Film Review and Stream: John Mayer “Someday I’ll Fly” (USA, 2014)


There is something about singer and guitarist John Mayer. Clearly, he is talented. He is a 19-time Grammy award nominated recording artist, and of those nominations, he has won 7, the last win in 2009 for his song “Gravity”,, for which he won the Best Male Rock Vocal Performance. But for some, his tabloid fodder exploits and his less-than-rock-n-roll persona fail to give him street cred. A new documentary, produced by Eastwood Allen called Someday I’ll Fly, highlights each and every accolade and milestone along Mayer’s road to success.  And that’s really about it.  If you’re after some sordid, little-known struggle in Mayer’s life, I’m afraid you won’t find it here.

The title “Someday I’ll Fly” is a line taken from his 2003 song “Bigger than my Body””, and for die-hard fans will fawn all over this doco. But if you’re merely interested in getting a little dirt on Mayer other than whatever we’ve been fed via Who Weekly, you won’t be flying very high here.  It’s a good enough documentary, outlining Mayer’s upbringing in a fairly nice family in Connecticut, USA, and it’s here you think, “And does he suffer some terrible loss and fight his demons from here on in, thus empowering him to play guitar like a man possessed when he comes of age?”.  Nope. By his own admission, Mayer says that he loved the Blues and was (and still is) a massive Stevie Ray Vaughan fan, and says, “Blues music framed in a way that a 13-year-old kid from the suburbs could understand”.  The documentary is a blow-by-blow, concise (maybe too concise) account of Mayer’s journey through each of his album’s creations.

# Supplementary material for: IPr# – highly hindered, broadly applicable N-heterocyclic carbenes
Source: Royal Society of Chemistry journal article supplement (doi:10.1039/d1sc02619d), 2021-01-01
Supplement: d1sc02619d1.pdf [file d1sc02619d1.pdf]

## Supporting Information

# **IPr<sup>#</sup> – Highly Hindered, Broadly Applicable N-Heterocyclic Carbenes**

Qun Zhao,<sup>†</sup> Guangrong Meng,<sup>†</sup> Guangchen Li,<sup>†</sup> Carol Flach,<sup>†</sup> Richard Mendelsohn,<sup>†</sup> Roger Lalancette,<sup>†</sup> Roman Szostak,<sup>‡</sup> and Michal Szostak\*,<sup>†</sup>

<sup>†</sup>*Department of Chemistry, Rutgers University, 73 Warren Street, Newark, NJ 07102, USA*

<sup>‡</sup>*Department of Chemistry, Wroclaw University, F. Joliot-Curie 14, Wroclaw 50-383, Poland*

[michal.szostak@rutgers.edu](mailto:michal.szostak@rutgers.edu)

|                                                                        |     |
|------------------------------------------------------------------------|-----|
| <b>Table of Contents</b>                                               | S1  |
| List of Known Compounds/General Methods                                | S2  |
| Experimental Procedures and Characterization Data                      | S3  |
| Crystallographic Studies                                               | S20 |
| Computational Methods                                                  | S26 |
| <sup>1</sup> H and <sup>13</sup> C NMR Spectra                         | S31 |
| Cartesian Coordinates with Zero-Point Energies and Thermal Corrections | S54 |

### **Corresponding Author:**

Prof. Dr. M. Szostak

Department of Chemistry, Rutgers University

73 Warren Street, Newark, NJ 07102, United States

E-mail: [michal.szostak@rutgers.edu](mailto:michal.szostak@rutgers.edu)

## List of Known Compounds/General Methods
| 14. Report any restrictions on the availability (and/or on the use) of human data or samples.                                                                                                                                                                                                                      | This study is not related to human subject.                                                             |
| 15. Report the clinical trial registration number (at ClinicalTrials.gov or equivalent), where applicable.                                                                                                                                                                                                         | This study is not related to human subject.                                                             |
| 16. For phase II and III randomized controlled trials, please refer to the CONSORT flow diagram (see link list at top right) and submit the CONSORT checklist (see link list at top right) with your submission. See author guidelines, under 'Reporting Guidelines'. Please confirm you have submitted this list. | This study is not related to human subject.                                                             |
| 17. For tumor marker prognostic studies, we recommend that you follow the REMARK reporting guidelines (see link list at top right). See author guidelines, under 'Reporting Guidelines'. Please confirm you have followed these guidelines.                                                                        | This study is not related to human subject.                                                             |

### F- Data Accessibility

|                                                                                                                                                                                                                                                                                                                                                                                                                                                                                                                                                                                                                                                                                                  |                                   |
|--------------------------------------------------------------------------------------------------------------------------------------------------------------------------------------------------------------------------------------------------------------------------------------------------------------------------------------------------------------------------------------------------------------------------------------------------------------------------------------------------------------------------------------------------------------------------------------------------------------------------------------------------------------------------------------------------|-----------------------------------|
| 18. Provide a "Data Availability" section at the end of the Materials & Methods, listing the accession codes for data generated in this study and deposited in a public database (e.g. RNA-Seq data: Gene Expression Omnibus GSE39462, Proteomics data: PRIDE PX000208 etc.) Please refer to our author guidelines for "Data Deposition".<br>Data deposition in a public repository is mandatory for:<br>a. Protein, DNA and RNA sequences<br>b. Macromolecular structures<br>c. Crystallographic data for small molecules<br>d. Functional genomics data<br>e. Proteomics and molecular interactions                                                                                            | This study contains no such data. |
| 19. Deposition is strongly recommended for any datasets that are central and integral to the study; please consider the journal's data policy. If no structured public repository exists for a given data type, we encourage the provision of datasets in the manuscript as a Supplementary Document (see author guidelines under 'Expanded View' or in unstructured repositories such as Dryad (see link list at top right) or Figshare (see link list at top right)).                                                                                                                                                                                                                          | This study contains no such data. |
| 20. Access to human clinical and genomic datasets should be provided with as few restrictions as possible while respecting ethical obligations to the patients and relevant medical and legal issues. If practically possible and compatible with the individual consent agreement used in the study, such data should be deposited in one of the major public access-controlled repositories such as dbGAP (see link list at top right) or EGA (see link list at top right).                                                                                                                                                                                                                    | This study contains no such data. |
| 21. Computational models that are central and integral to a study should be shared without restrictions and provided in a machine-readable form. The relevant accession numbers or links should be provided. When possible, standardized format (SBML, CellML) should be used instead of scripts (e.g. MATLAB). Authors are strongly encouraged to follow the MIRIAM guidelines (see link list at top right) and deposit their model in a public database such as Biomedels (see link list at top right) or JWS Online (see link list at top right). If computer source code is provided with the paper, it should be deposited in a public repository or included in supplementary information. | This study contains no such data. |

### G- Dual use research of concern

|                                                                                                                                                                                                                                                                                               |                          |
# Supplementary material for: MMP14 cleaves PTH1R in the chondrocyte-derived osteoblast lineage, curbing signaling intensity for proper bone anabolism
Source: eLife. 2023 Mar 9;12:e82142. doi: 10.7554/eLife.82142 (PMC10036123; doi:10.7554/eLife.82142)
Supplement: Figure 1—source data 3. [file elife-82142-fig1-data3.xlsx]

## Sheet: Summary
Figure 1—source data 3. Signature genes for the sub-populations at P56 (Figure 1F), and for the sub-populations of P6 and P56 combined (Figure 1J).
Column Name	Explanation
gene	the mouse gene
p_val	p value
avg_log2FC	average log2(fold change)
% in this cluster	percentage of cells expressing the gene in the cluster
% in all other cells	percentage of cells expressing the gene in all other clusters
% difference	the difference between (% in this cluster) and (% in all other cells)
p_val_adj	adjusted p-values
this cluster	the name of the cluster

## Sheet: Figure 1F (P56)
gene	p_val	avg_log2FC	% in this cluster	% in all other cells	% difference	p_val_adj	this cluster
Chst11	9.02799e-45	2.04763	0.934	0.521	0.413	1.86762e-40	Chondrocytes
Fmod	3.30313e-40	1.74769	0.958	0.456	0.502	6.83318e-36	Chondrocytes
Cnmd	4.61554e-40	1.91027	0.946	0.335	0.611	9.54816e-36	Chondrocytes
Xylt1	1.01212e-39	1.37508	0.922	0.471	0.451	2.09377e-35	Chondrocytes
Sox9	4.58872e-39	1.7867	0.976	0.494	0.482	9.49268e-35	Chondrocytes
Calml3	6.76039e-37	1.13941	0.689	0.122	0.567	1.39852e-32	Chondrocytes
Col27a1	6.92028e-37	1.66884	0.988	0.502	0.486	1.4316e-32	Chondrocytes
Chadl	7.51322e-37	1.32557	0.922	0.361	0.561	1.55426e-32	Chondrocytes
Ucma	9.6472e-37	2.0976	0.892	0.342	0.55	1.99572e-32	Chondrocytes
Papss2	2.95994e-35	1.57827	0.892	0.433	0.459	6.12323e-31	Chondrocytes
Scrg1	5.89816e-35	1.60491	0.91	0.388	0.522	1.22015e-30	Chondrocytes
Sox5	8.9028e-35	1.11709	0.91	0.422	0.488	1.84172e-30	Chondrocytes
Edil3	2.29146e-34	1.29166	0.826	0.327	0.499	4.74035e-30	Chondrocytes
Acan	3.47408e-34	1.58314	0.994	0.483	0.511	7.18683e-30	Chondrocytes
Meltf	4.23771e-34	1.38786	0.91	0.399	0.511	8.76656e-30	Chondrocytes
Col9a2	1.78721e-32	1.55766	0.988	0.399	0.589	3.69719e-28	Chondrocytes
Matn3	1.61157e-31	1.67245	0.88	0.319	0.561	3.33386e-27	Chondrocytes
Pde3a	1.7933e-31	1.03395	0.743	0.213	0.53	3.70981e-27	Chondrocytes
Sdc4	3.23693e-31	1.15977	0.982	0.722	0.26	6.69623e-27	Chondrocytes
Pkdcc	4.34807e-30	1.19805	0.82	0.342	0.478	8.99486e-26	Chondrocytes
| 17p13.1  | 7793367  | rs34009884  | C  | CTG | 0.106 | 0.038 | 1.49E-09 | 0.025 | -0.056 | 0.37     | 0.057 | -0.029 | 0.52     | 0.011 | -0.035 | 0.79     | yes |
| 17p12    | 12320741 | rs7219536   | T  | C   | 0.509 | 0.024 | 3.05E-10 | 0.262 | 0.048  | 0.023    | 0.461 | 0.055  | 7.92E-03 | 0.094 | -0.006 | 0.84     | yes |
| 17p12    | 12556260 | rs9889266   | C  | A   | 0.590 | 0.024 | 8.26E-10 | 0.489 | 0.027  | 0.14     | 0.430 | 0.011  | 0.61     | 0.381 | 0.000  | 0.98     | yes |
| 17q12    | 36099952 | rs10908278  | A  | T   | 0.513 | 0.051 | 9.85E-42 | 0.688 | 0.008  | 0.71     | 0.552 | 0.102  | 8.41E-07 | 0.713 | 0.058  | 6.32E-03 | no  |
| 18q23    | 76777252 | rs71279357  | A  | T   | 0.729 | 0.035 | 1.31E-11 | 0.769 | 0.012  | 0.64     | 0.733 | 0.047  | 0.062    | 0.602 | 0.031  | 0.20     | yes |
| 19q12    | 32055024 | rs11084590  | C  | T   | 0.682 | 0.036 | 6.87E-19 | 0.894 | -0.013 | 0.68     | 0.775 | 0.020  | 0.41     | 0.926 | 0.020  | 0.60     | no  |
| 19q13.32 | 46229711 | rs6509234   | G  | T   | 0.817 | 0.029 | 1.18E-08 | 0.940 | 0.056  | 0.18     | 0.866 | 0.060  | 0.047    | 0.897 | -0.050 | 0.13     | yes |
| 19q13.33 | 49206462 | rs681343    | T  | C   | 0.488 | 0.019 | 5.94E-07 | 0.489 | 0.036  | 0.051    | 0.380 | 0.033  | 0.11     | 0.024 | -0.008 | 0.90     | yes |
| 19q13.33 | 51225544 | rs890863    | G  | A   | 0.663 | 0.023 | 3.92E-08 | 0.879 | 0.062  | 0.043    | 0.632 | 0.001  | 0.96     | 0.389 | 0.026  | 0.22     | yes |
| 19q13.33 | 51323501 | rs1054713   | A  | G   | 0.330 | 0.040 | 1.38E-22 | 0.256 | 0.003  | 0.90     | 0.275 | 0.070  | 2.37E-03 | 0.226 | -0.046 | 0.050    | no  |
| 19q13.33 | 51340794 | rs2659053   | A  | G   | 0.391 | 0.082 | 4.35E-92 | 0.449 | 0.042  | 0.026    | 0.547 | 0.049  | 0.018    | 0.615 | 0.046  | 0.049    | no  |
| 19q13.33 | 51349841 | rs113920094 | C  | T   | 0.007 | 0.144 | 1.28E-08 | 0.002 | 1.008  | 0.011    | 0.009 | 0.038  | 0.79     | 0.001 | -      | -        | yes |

And yet, throughout the whole documentary, you wait patiently to hear of something raw about him, but it never comes out. There are no sordid tales of sex, drugs and rock n’ roll, just little pearlers of Mayerisms like, “I appreciate the blues better than I can play it”.

And maybe that’s the thing about the whole John Mayer Juggernaught. In the era when Outkast released “Ms Jackson”, Incubus released “Drive” and Jay Z released “Izzo”, John Mayer comes out with “Your Body is a Wonderland”. He’s the good guy in the pop/rock world. He’s the vanilla flavour in your Neapolitan ice cream. He’s the … whatever, you get the picture. And if there’s anything Someday I’ll Fly shows, it’s that Mayer, without his full sleeve of tattoos or celebrity relationships, is a good musician, and he should be very proud of that.

The documentary very clearly shows that he loves music, much more so than anything else that comes with it, and that it’s the celebrity he probably isn’t so comfortable with. Not in a “shy-away-from-the-camera” kind of way, but in the “I’m-not-sure-how-to-deal-with-this-so-I’m-just-gonna-act-like-a-brat” kind of way. He explains that “Playing music to me is as close to having super powers as you can get”, and if you’ve ever seen his solo performance during Michael Jackson’s televised tribute concert, where he played an acoustic version of “Human Nature” that blew away Usher’s, or seen him live in concert playing “Come Back to Bed” and used his guitar to “speak” to the audience, you’ll know he’s a guitarist’s guitarist.